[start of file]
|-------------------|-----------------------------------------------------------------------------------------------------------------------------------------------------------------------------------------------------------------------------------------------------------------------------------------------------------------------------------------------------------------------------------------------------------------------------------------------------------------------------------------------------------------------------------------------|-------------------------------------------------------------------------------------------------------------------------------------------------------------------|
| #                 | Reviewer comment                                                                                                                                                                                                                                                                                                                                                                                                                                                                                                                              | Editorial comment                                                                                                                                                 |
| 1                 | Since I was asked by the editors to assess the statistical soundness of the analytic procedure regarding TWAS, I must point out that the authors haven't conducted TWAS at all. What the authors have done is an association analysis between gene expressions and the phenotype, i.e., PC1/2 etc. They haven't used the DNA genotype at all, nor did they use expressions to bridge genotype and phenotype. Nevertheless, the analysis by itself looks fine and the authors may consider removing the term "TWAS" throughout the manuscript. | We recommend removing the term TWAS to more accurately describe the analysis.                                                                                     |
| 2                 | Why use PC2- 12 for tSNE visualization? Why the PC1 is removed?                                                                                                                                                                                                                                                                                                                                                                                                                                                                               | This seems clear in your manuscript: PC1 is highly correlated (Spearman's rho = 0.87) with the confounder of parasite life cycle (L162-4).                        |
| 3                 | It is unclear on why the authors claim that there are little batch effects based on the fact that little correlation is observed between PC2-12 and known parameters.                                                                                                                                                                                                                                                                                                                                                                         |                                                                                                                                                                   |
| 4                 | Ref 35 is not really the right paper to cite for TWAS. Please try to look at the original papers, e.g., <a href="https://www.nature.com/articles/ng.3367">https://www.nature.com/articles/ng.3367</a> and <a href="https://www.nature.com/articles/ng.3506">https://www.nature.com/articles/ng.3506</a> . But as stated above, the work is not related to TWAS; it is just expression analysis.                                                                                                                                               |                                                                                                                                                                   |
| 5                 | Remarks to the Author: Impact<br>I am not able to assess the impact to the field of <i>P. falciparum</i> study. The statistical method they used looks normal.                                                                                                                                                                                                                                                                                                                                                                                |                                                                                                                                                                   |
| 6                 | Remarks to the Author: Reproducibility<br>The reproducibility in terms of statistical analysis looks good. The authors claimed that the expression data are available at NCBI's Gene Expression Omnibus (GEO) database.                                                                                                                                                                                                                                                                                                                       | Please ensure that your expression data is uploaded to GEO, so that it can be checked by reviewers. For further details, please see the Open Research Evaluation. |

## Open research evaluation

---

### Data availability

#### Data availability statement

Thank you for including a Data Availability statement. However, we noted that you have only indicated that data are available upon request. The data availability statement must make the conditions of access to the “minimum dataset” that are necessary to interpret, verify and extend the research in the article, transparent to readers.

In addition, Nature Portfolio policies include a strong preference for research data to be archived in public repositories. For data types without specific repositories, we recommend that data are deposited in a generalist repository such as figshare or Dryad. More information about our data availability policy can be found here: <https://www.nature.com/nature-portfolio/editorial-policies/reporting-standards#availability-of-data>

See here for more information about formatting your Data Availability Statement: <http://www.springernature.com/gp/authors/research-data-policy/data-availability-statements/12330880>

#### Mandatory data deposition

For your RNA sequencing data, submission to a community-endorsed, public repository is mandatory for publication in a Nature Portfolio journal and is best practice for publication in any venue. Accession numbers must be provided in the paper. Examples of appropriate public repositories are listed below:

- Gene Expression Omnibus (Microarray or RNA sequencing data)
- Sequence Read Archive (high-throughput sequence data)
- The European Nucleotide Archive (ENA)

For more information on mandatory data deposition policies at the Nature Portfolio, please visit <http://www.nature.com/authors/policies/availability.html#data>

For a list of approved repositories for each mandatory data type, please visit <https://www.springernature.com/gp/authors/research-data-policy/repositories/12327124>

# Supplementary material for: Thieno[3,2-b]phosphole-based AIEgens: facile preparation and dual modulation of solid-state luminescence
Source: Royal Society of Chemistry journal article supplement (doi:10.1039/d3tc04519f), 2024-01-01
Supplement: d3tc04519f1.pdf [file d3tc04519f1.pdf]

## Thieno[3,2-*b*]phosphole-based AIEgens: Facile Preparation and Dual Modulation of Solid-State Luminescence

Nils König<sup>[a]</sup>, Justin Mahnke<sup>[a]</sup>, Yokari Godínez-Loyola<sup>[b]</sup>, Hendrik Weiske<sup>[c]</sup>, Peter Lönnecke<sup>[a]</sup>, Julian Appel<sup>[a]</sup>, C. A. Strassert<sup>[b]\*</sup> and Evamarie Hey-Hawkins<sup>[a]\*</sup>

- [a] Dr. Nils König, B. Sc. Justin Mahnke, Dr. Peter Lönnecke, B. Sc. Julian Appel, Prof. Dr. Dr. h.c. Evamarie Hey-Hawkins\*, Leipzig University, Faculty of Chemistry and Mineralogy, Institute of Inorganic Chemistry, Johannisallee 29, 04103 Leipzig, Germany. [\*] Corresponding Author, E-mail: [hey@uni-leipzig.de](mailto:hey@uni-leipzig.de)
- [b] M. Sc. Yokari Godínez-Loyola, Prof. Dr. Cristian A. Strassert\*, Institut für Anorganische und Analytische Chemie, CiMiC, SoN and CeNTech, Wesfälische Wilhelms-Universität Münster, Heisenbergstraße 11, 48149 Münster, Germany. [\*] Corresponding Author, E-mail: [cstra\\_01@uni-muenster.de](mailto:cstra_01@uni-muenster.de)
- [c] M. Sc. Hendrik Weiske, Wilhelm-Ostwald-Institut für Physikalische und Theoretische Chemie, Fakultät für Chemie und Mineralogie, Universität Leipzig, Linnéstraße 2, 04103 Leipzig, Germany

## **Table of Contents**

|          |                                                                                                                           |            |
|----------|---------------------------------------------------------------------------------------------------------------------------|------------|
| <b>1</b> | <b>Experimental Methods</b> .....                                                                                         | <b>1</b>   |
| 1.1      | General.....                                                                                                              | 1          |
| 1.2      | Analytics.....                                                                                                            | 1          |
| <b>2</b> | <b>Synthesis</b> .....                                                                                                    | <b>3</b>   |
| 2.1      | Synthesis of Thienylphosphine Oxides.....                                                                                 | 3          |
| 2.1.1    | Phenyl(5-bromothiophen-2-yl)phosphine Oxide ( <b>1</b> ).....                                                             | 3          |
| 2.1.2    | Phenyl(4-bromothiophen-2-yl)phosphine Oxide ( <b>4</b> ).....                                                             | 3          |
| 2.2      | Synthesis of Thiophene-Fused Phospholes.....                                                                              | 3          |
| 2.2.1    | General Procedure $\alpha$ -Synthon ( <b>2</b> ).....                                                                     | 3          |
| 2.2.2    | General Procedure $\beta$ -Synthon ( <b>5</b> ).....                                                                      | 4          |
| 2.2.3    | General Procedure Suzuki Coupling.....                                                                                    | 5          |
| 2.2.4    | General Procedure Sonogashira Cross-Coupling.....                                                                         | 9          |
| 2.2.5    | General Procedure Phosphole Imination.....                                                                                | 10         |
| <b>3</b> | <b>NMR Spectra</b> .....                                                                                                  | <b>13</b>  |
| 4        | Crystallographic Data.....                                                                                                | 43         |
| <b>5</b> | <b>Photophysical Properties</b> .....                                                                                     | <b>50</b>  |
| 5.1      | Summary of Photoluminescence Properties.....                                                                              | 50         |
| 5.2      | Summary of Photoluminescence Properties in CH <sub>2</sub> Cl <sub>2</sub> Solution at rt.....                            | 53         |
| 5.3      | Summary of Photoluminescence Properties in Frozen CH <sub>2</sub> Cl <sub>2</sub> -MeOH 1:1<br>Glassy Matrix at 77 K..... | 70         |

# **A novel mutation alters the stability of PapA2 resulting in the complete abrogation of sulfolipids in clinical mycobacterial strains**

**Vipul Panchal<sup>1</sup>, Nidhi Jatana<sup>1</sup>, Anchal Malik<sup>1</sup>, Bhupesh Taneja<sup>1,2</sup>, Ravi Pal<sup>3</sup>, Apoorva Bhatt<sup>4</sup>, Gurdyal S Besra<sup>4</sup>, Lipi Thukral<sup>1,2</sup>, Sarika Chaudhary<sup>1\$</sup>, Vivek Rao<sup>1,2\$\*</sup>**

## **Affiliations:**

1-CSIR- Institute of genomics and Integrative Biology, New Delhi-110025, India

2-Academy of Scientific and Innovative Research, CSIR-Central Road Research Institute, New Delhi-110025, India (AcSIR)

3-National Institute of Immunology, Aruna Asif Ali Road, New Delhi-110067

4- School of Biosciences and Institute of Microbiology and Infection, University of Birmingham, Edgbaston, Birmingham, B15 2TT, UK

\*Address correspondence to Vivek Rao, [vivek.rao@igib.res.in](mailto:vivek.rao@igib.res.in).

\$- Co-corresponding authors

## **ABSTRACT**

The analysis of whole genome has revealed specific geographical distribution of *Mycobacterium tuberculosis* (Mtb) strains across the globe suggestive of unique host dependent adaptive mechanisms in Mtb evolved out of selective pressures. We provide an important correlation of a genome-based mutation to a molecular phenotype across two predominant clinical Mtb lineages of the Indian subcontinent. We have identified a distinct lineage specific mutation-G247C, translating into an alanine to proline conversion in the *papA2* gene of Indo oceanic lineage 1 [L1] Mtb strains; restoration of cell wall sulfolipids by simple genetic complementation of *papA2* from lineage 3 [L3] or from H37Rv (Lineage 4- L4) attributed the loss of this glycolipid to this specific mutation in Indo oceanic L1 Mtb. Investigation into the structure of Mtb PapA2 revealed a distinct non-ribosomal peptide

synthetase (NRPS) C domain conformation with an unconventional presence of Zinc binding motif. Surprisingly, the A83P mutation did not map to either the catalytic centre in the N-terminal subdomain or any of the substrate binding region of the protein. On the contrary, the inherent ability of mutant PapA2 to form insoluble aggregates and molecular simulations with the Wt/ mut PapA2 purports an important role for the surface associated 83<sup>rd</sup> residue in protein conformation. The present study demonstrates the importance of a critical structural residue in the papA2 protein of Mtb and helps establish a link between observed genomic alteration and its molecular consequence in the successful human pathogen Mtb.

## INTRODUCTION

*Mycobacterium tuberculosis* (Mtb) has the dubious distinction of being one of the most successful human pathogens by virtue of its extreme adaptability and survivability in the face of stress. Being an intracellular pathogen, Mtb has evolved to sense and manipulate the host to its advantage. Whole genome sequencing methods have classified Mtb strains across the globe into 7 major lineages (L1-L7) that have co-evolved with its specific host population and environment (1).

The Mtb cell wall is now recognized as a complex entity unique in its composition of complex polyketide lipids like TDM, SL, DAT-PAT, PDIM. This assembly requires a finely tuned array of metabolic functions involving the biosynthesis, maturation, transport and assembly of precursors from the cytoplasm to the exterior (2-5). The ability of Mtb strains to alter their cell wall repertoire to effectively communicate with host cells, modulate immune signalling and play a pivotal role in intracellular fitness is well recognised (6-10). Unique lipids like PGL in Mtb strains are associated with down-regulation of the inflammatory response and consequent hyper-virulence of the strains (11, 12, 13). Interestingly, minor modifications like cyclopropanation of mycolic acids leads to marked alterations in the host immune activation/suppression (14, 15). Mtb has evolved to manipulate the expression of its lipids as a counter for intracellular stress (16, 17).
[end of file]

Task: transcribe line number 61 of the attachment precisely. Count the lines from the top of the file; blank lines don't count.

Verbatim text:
\$- Co-corresponding authors